I was two months into Kindergarten in November 1989, when Sir Tim Berners-Lee first proved that he could connect a Hypertext Transfer Protocol (HTTP) client and a server.
My first computer was green text on a black screen; a monster that ran on Microsoft DOS. My father brought it home from his job at IBM. The first time we bought a computer, my mother nearly nixed the purchase — she didn’t understand why we’d ever need a computer. Later, we’d own a Gateway 2000 with a full tower that allowed me to write my first computer program — in Basic. It played the song Maracas in Caracas, which I learned in fourth grade music class.
I remember the days when the SCREEEEE of a dial-up modem was the Internet. Do you remember using Prodigy? Or Compuserve? Or AOL back when it was AOL?
I started high school in 1998, the year before Sergei Brink and Larry Page changed the world with their PageRank algorithm. Mark Zuckerberg and I are the exact same age. I went to high school, and entered college, before Facebook, MySpace, Twitter … and all the other social networks revolutionizing the way we communicate.
Why am I telling you all this? What possible purpose could elucidating my relative age to Internet and web technology developments serve?
On the surface, the answer is not very much.
But then I mention that I’m now — in a sort of New Year’s Resolution for 2013 — learning about the web technologies that shape the way we communicate. In fact, I’m in the midst of a data analysis course offered free through Coursera by the Johns Hopkins Bloomberg School of Public Health and an Introduction to Databases course offered free by Stanford University.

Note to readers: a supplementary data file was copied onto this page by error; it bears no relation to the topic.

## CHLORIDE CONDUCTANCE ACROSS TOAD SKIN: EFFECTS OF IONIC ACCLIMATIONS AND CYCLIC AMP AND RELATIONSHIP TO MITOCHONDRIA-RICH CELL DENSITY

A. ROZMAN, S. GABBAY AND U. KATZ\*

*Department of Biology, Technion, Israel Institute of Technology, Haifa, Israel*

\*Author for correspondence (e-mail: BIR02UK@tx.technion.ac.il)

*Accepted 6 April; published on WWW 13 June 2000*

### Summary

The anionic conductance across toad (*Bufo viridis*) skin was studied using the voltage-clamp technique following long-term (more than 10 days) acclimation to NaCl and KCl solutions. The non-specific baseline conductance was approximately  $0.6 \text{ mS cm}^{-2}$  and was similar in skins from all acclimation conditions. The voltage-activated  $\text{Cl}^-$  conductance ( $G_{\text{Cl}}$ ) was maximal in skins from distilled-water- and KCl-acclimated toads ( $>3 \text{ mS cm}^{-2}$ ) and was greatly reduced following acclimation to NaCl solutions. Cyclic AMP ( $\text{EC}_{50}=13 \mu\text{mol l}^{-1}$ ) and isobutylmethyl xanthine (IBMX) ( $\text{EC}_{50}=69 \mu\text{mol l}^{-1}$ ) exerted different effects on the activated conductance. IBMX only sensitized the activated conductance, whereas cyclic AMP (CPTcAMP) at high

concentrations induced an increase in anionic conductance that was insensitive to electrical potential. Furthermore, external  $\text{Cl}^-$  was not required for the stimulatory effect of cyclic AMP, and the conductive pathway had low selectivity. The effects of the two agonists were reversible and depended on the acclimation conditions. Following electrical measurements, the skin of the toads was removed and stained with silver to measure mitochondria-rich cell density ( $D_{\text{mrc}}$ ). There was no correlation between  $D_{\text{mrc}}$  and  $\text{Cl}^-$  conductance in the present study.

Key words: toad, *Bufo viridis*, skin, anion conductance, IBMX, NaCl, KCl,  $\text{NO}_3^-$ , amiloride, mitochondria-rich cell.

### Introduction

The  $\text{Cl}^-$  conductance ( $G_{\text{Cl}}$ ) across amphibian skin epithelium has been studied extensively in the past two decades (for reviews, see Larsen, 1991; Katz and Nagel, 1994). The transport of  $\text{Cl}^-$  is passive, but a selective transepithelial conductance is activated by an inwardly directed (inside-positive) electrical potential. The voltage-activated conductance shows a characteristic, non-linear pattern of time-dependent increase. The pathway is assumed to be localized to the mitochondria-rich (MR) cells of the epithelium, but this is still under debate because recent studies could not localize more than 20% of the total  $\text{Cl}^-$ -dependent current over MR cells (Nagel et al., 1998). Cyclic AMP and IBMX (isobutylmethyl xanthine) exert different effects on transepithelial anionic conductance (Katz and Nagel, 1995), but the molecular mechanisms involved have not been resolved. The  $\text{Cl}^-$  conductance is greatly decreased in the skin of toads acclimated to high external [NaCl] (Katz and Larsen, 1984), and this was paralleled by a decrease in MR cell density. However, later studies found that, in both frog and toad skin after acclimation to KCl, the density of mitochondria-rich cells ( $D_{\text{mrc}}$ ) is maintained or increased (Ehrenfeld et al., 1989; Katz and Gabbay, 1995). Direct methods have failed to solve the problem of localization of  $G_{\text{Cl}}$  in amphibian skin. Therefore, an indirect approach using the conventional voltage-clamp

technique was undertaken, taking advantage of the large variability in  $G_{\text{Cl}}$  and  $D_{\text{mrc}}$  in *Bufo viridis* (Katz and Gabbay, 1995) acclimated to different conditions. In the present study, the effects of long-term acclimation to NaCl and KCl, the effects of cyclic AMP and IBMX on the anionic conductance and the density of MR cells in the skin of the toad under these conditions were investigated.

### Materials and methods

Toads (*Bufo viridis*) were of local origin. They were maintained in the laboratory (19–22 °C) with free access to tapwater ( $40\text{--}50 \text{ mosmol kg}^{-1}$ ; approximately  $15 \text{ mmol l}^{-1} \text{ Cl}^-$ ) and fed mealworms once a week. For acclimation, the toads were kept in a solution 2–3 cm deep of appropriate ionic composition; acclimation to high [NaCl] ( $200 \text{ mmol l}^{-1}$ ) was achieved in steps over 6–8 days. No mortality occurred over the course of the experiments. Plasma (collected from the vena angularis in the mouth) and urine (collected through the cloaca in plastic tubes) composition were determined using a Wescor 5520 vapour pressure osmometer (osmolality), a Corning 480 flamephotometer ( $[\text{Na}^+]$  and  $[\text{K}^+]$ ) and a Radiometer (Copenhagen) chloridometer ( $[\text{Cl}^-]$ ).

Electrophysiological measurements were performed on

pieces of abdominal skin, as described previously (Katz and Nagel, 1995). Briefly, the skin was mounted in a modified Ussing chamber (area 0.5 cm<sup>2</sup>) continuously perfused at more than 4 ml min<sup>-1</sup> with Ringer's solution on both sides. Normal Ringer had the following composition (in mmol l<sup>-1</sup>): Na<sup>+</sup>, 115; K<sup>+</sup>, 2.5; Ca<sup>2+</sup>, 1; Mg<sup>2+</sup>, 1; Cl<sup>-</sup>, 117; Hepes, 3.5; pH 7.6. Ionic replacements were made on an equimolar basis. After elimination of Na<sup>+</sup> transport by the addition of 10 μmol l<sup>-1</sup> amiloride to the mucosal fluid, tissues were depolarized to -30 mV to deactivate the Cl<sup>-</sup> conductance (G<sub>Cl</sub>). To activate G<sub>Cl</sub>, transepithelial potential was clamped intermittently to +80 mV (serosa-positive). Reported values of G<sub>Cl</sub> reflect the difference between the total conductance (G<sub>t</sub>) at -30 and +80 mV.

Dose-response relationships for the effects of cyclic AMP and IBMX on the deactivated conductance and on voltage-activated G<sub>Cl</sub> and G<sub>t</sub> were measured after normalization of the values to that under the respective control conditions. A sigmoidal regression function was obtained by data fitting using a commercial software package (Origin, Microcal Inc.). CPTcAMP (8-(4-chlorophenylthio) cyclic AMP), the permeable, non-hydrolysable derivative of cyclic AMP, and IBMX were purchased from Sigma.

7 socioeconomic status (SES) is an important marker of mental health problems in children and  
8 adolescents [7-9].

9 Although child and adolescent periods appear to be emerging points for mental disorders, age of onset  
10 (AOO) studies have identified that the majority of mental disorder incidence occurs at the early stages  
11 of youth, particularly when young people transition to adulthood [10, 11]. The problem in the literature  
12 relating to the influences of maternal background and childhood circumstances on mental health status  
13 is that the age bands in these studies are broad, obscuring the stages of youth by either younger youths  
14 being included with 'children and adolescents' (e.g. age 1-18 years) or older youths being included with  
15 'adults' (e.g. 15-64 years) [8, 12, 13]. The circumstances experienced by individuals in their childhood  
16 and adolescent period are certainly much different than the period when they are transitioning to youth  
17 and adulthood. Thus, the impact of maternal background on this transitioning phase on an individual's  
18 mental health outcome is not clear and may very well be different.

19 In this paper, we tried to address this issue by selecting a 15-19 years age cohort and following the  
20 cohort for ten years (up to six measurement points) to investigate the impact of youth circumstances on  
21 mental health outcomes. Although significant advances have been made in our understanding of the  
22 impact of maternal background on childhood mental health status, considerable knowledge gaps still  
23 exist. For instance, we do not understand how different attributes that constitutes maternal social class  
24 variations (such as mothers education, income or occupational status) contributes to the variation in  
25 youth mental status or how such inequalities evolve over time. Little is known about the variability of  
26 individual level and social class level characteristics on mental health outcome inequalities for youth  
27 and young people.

And then I tell you that I’m learning about these things, as well as web-coding languages such as PHP, CSS, and HTML; and web analytics in order to further my career goals … and also because it’s, you know, interesting.
You see, I’ve been teaching myself for more than 20 years on how to write well and tell a compelling story. I’ve written thousands upon thousands of words in both fiction and non-fiction, and have now realized that the deeper we get into the landscape of the World Wide Web, the more important it is for strong communicators to learn how to tell their stories themselves.
Because let’s be honest here: the old skills of being able to turn a phrase effectively aren’t worth a hill of beans unless you can also present your work in a manner that people are going to read. That’s why I’m learning about web technologies — so I can present my work properly.
And I’m learning about statistical analysis, and web metrics, so I can better make sense of the mass amounts of data floating around in the proverbial ether. Data on a scale that has probably never existed before, and offers a window into human-computer interaction like nothing else can.
I’ll chronicle my journey here for your enjoyment, through all my studies and readings on web technologies. Hopefully I’ll be able to educate some of you, entertain a few, and maybe even make you think.
Oh, and writing about these things will also mean that I learn them better. So it’s a win-win.
Won’t you join me?